Row between Somalia’s two most powerful leaders grows after they name different men to head the intelligence service.
Somalia’s President Mohamed Abdullahi Mohamed has suspended Prime Minister Mohammed Hussein Roble’s power to hire and fire officials, the latest development in a destabilising feud that has plunged the country into fresh crisis.
The dispute between the two leaders marks an escalation of months of tension, threatening to throw an already fragile electoral process into deeper peril.
“The prime minister has violated the transitional constitution so his executive powers are withdrawn … especially his powers to remove and to appoint officials, until the election is completed,” the office of the president, popularly known as Farmaajo, said in a statement.
It added the suspension will last until the conclusion of elections later this year.
The statement said said Roble had failed to consult or collaborate with Farmaajo and made decisions that were “not in line with the laws and constitution of the country”.
Roble said he would not abide by the president’s order and accused him of twisting the constitutional provisions he cited to justify his interference with the powers of the prime minister’s office.
“The prime minister reminds the president to preserve the principles of the constitution of the separation of powers of the government’s institutions,” he said in a statement issued by his office.
Farmaajo’s four-year mandate expired in February, but was extended by parliament in April, triggering deadly gun battles in the capital Mogadishu, with some rivals viewing it as a flagrant power grab.
Roble cobbled together a new timetable for polls, but the process fell behind. Last week, he accused Farmaajo of trying to reclaim “election and security responsibilities” from him.
Elections in Somalia follow a complex indirect model, whereby state legislatures and clan delegates pick lawmakers for the national parliament, who, in turn, choose the president.
The next phase is scheduled for between October 1 and November 25.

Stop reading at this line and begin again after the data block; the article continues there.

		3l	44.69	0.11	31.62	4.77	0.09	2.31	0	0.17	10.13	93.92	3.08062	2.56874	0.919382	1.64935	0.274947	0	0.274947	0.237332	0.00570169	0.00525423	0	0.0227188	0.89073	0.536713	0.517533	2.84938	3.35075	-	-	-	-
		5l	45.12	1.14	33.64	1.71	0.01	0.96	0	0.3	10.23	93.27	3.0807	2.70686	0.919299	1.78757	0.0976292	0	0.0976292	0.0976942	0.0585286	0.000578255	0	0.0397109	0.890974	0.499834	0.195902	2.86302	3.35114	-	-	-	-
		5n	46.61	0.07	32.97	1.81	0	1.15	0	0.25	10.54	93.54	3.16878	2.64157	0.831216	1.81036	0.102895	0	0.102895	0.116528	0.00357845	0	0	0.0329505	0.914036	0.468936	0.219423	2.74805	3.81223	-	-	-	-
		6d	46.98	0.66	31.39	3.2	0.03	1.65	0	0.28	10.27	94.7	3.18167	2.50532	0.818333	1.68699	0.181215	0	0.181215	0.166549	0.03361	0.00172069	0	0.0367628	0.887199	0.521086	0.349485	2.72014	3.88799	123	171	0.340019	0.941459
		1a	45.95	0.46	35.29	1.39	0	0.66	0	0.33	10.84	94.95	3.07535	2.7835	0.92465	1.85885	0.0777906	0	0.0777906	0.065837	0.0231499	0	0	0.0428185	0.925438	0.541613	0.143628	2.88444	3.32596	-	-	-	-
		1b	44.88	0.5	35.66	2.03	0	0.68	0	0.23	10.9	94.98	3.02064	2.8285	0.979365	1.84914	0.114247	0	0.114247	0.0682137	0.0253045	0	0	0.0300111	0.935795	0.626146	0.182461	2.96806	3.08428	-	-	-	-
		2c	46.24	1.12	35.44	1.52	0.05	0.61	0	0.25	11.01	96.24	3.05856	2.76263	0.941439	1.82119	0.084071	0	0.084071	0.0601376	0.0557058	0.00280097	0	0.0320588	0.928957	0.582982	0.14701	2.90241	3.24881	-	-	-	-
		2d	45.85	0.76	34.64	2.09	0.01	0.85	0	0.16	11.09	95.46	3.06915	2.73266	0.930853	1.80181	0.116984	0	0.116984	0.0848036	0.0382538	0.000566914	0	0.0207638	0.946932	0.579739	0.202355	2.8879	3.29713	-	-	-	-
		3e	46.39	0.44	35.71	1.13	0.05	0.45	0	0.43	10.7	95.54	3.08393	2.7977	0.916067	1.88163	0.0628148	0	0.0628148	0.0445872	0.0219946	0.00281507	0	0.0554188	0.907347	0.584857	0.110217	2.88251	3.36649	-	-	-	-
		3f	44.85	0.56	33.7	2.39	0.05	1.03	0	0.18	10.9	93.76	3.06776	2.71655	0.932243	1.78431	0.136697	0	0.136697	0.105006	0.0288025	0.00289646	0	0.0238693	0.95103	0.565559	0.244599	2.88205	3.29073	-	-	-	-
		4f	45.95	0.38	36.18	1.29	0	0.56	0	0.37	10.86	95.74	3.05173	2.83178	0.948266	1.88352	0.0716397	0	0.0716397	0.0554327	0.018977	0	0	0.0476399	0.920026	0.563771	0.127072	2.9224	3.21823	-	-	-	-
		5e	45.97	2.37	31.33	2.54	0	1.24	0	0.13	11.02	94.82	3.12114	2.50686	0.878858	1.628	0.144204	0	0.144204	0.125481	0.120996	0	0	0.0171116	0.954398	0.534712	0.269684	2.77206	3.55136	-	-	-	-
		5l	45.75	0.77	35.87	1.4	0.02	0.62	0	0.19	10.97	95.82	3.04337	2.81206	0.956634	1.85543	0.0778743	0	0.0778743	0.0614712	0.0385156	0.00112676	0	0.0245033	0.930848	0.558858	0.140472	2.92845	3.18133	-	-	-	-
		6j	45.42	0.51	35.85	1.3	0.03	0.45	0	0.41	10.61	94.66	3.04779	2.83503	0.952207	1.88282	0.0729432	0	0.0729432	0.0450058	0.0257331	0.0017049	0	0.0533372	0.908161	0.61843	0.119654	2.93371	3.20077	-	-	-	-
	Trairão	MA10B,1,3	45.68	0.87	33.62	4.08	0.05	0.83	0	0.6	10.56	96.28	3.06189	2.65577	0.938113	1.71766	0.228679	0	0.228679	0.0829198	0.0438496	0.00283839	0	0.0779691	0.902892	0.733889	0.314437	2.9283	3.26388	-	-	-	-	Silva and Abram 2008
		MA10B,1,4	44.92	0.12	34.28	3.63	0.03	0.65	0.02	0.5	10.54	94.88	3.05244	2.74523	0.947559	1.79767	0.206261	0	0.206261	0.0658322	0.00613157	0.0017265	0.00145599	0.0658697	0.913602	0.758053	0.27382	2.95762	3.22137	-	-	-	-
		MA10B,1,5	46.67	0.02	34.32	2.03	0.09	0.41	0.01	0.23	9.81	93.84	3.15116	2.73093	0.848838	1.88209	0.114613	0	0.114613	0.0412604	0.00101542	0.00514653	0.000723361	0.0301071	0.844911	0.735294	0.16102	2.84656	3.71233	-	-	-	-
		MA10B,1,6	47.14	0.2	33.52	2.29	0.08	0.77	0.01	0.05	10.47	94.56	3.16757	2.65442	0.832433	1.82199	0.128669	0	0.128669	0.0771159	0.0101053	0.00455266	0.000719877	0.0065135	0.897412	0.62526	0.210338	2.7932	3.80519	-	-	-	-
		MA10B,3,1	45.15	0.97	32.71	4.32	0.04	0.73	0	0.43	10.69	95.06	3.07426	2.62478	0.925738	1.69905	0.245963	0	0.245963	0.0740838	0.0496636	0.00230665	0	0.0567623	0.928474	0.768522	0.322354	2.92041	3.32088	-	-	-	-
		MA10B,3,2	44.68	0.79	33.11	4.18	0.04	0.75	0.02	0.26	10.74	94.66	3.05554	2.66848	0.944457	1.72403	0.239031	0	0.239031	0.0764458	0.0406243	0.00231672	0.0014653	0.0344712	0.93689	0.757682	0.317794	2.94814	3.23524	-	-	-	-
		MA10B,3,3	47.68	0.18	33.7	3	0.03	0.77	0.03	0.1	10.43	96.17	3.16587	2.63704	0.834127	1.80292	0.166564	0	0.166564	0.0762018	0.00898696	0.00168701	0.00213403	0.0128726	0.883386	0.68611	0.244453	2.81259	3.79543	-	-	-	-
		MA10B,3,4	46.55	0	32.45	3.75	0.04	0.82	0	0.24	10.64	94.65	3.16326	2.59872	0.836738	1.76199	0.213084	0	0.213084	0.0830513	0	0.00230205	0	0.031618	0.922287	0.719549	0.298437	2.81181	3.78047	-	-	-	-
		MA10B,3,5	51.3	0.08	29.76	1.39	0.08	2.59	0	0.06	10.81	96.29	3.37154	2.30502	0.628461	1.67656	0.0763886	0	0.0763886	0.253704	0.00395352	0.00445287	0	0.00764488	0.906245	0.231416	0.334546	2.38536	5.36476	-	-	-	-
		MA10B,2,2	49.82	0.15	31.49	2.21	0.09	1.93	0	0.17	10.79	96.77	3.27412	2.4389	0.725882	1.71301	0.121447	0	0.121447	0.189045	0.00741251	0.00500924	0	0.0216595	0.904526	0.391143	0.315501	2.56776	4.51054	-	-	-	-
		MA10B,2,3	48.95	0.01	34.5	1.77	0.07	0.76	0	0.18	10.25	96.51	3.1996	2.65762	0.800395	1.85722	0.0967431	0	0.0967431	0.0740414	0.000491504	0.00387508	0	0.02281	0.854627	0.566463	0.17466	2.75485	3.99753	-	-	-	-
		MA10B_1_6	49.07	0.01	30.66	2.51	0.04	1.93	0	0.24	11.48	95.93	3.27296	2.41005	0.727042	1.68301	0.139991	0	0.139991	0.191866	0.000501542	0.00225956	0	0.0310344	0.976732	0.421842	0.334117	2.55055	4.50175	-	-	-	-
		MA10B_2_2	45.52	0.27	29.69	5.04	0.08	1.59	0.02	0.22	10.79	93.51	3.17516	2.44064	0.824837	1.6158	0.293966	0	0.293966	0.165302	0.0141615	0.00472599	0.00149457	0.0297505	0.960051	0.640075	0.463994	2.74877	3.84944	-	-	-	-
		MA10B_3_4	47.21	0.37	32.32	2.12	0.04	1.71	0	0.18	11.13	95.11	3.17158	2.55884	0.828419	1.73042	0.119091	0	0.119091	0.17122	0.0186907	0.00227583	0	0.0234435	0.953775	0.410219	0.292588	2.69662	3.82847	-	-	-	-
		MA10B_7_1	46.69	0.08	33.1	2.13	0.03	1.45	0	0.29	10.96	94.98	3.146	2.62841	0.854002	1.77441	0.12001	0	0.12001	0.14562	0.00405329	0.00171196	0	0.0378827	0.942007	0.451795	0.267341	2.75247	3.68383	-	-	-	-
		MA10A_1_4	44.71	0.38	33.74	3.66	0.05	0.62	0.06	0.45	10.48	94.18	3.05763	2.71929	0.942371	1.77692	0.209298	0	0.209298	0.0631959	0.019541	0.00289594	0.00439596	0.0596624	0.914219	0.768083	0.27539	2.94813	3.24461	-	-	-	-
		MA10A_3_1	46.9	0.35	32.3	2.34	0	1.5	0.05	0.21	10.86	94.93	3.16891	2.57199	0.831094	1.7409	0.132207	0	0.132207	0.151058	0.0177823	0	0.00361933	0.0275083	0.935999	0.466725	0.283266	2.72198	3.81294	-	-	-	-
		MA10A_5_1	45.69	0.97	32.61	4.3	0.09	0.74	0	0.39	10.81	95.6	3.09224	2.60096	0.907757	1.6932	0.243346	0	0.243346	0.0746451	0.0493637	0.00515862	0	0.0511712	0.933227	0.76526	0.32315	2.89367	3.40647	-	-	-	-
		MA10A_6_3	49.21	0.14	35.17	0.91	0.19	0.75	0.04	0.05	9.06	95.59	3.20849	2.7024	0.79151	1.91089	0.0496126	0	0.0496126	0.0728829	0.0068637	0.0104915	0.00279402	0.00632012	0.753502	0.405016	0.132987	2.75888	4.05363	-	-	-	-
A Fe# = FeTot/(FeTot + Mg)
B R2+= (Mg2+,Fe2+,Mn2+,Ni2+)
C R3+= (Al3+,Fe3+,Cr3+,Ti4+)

The feud intensified last week when Roble sacked Somalia’s intelligence chief for his handling of a high-profile probe into the disappearance of a young agent.
Ikran Tahlil, a 25-year-old officer with the National Intelligence and Security Agency (NISA), was abducted near her home in the capital, Mogadishu, in June, and her employers concluded that she had been kidnapped and killed by the al-Shabab armed group.
Al-Shabab, which has been fighting to overthrow Somalia’s internationally recognised government, issued a denial, while Tahlil’s family accused NISA of murdering her.
Farmaajo overruled the prime minister, appointing the dumped intelligence official as his national security adviser.
Roble, in turn, accused the president of “obstructing” the investigation and fired the security minister and replaced him with a Farmadjo critic.
The spat has raised the political temperature in Mogadishu, with a coalition of opposition presidential candidates on Friday saying it “supports the prime minister … and condemns the actions of the outgoing president”.
Analysts say the impasse has distracted from Somalia’s larger problems, most notably the fight against al-Shabab.
The al-Qaeda-linked group was driven out of Mogadishu a decade ago but retain control of swathes of countryside and continues to stage deadly attacks.
“Somalia’s factions are playing with fire. All sides need to de-escalate,” the International Crisis Group said in a report issued earlier this week.
“International partners should publicly name spoilers, threaten sanctions if they do not change course and prepare targeted measures against those who continue destabilising behaviour,” it added.
“Both sides need to take a step back from the brink. Rather than constantly finding new issues over which to duel, they should instead focus on bringing the long-overdue elections to completion.”